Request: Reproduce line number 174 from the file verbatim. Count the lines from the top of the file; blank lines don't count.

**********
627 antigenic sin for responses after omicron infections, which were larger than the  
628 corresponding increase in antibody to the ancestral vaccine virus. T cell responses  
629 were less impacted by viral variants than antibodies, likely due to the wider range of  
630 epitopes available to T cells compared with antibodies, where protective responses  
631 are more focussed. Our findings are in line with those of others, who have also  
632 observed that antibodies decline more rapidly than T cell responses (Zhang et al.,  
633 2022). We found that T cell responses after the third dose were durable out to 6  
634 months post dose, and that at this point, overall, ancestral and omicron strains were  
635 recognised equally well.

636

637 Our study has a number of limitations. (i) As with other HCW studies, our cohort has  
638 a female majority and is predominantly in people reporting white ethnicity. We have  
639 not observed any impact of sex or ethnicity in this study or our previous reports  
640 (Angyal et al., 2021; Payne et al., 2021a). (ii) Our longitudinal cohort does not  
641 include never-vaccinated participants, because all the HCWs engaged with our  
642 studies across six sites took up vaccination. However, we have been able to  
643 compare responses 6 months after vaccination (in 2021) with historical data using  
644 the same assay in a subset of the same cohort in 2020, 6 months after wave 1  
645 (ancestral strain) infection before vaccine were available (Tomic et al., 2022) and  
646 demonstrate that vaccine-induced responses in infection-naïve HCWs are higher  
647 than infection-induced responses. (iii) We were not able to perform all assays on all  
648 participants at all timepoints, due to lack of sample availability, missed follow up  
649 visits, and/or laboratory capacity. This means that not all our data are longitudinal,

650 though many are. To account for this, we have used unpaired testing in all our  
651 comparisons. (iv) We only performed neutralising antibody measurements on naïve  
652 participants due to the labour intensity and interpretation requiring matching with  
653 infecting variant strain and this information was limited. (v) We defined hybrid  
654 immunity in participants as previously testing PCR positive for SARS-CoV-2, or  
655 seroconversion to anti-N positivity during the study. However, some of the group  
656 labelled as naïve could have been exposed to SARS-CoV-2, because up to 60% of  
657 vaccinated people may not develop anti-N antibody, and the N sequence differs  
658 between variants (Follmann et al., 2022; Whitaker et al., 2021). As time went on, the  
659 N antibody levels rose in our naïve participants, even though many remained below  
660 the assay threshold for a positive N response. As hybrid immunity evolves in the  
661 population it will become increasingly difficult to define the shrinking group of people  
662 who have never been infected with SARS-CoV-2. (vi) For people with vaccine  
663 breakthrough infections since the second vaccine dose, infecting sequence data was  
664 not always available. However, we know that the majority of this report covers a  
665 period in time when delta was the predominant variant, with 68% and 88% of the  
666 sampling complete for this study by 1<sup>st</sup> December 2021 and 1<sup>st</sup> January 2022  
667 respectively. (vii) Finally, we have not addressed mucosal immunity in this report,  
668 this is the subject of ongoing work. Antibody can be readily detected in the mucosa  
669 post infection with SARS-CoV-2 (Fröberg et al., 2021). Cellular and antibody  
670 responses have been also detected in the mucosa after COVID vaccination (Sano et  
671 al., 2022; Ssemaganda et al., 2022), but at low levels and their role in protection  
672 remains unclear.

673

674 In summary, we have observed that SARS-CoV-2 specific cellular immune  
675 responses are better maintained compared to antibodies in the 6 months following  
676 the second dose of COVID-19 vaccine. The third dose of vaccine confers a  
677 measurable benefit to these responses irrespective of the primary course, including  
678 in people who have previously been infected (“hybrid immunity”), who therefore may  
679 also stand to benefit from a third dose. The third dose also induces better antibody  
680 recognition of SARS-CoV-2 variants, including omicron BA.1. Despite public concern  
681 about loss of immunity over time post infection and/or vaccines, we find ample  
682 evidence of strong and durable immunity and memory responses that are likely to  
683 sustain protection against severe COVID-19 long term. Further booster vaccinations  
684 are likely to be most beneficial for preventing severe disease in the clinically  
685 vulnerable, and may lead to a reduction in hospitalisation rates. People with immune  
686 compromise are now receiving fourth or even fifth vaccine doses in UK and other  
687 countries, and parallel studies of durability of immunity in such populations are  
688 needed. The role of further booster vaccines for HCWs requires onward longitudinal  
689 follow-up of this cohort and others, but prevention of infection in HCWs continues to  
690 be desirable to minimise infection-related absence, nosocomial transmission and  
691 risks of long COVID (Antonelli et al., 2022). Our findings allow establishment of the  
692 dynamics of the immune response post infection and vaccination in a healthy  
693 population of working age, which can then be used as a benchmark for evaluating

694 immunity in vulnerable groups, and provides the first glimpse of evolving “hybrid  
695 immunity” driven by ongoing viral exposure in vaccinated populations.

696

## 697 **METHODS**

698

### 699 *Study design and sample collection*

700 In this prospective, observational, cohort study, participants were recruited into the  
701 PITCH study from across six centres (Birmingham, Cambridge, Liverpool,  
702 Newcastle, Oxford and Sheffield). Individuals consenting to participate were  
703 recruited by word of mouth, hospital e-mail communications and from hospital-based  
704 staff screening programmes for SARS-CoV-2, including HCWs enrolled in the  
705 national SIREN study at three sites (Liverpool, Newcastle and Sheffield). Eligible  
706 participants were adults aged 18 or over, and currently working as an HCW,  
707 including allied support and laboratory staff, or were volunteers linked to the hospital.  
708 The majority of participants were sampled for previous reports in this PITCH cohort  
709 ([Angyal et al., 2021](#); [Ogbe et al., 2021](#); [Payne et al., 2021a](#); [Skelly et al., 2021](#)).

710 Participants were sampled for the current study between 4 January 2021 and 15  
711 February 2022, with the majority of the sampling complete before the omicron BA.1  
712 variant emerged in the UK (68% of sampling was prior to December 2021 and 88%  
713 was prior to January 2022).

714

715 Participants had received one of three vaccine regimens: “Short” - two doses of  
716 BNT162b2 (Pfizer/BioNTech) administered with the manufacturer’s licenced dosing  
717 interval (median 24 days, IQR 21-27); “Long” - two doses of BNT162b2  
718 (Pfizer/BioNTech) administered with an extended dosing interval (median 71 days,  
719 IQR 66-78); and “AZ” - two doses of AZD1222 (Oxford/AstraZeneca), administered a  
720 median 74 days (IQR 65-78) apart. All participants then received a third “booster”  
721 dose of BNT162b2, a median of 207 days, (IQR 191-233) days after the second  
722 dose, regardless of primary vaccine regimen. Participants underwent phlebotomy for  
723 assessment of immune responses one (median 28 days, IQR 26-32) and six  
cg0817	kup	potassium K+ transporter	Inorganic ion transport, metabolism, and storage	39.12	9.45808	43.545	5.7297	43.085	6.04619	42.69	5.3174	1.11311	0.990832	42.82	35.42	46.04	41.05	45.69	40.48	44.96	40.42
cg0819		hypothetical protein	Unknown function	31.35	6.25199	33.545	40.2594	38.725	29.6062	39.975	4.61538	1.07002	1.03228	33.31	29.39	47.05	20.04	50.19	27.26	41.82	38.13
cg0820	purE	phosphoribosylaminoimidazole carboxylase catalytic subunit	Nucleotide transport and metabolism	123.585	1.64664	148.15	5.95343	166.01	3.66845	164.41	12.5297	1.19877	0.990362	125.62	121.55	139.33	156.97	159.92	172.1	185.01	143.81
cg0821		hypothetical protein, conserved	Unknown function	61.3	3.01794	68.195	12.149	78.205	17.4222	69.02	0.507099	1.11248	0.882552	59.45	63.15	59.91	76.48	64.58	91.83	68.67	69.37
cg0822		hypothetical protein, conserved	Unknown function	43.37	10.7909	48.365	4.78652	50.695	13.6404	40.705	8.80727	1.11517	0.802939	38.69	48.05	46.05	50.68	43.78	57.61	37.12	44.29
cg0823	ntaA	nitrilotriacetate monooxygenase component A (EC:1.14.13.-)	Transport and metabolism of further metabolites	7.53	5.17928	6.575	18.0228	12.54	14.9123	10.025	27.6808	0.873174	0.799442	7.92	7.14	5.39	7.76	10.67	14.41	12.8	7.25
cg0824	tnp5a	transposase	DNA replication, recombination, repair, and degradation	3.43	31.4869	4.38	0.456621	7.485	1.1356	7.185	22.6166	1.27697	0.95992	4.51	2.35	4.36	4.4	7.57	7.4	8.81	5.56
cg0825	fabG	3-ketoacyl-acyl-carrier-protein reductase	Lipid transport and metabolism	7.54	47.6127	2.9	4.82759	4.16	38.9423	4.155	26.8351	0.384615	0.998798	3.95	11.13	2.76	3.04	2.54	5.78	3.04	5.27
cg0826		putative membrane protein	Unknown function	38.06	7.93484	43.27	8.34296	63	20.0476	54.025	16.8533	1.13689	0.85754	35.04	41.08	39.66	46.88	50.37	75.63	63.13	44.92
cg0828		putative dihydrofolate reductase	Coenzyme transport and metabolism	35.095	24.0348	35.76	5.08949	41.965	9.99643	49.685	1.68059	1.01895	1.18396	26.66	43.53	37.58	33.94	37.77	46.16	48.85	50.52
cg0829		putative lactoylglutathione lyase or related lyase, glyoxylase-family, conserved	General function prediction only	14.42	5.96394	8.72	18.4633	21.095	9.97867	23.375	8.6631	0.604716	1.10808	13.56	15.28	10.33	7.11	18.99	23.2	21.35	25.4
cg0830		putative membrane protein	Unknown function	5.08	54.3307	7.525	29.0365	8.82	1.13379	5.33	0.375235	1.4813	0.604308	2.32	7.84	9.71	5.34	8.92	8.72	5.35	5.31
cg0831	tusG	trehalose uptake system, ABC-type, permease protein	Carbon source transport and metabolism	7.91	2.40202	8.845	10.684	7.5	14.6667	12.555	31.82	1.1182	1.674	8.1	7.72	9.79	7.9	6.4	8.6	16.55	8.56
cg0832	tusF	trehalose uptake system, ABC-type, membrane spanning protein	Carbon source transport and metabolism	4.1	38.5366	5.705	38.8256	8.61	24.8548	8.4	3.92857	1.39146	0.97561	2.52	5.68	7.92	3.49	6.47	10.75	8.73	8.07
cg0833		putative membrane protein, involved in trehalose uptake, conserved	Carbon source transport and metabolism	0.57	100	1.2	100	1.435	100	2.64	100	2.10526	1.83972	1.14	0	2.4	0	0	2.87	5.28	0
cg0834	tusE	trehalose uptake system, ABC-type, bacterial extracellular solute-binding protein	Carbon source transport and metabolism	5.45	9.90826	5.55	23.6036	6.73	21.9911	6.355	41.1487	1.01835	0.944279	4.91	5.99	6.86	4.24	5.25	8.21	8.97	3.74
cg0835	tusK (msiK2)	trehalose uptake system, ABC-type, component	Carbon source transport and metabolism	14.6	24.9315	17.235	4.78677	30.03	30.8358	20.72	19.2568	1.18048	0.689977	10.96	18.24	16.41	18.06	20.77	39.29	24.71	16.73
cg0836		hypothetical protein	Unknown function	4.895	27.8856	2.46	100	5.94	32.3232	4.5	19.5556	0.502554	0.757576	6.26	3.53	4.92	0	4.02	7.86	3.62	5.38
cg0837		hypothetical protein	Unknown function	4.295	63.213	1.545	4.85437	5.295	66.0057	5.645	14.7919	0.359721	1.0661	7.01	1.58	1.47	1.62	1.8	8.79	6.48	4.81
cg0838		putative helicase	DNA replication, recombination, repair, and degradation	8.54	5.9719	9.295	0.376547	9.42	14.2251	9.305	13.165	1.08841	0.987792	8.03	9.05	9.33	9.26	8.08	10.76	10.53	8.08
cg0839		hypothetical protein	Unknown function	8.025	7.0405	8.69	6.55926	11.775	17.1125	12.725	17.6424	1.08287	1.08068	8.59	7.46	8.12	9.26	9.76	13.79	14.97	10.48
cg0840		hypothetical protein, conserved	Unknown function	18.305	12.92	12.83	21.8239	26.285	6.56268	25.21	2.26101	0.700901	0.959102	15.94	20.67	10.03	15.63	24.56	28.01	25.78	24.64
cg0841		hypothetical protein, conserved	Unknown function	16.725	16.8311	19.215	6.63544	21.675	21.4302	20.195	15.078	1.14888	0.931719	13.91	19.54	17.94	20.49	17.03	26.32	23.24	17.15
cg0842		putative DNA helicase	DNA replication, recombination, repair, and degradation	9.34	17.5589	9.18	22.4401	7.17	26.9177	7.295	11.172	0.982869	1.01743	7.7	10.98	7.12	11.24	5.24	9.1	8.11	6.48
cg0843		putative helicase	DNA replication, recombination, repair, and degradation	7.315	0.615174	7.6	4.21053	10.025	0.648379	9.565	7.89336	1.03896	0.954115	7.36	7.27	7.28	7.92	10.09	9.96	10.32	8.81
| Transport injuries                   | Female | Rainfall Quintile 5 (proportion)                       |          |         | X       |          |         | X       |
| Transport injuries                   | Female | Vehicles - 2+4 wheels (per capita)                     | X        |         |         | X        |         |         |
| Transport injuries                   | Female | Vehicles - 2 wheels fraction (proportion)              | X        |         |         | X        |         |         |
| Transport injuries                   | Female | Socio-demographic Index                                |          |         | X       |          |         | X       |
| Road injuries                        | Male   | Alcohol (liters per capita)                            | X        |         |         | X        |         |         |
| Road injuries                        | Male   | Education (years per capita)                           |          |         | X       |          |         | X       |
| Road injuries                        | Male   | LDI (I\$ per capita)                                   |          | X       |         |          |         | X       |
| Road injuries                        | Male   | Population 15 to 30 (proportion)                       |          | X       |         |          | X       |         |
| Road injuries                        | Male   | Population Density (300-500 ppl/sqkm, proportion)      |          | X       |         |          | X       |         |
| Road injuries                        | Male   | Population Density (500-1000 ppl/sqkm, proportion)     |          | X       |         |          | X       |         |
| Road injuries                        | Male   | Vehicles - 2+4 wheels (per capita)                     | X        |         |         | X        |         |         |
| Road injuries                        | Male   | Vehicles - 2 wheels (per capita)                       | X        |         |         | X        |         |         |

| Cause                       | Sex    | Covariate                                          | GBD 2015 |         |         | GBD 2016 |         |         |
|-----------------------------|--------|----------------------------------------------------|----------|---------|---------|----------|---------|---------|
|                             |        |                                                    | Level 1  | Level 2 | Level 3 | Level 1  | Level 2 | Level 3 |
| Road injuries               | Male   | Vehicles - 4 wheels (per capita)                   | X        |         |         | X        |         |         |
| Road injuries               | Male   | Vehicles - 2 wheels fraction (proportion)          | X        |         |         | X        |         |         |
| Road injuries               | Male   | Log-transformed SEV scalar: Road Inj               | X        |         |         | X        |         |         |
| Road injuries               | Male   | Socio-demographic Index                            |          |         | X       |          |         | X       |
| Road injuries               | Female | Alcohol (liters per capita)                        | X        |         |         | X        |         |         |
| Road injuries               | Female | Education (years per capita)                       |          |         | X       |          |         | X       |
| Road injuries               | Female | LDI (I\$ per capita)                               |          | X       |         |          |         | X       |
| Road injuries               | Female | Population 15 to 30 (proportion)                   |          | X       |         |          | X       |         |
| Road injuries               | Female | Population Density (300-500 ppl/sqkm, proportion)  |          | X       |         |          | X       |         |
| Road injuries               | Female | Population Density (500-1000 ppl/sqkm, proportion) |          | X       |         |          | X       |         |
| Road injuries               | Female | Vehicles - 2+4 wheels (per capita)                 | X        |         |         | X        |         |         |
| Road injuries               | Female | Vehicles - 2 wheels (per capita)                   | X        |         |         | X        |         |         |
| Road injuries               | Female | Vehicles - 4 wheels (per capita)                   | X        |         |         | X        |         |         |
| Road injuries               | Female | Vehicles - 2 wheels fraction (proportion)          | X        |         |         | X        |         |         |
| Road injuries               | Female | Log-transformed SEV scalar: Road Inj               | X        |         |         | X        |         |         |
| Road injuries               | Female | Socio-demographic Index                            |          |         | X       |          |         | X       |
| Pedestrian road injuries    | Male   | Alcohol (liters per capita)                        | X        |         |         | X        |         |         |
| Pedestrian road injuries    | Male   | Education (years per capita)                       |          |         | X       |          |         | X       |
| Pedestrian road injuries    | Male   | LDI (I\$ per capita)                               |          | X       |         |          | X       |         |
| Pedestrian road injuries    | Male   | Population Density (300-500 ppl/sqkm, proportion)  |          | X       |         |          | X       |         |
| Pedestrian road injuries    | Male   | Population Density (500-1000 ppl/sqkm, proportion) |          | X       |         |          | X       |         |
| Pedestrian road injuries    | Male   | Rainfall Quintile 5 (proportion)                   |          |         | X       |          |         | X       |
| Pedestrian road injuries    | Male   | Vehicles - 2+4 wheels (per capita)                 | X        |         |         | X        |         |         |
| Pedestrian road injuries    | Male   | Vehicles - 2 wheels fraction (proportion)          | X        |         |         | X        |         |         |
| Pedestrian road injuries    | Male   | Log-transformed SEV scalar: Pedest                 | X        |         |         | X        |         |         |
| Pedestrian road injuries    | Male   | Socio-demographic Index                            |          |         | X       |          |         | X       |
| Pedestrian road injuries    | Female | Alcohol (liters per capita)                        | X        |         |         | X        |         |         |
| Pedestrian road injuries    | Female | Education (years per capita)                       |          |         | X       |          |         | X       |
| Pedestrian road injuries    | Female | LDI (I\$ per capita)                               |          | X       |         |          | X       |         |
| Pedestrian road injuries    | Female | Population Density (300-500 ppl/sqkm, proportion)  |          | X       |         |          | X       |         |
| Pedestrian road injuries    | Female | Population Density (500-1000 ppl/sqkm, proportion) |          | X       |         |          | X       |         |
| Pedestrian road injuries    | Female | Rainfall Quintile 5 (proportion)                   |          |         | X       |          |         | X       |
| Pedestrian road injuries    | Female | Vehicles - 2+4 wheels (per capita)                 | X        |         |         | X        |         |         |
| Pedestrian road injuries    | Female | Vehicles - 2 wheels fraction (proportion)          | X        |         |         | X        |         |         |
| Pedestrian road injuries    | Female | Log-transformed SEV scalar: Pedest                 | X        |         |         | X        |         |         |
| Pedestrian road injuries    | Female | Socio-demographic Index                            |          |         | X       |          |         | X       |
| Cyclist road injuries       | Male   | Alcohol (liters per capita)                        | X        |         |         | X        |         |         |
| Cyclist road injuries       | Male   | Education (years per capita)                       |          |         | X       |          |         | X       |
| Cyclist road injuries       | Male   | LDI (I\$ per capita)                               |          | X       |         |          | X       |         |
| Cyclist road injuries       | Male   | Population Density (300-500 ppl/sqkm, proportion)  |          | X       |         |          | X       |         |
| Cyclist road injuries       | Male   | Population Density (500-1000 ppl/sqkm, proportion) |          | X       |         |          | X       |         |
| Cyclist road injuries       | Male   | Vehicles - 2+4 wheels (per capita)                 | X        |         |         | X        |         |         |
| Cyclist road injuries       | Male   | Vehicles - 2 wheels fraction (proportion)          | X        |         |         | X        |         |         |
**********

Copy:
| Cyclist road injuries       | Male   | Alcohol (liters per capita)                        | X        |         |         | X        |         |         |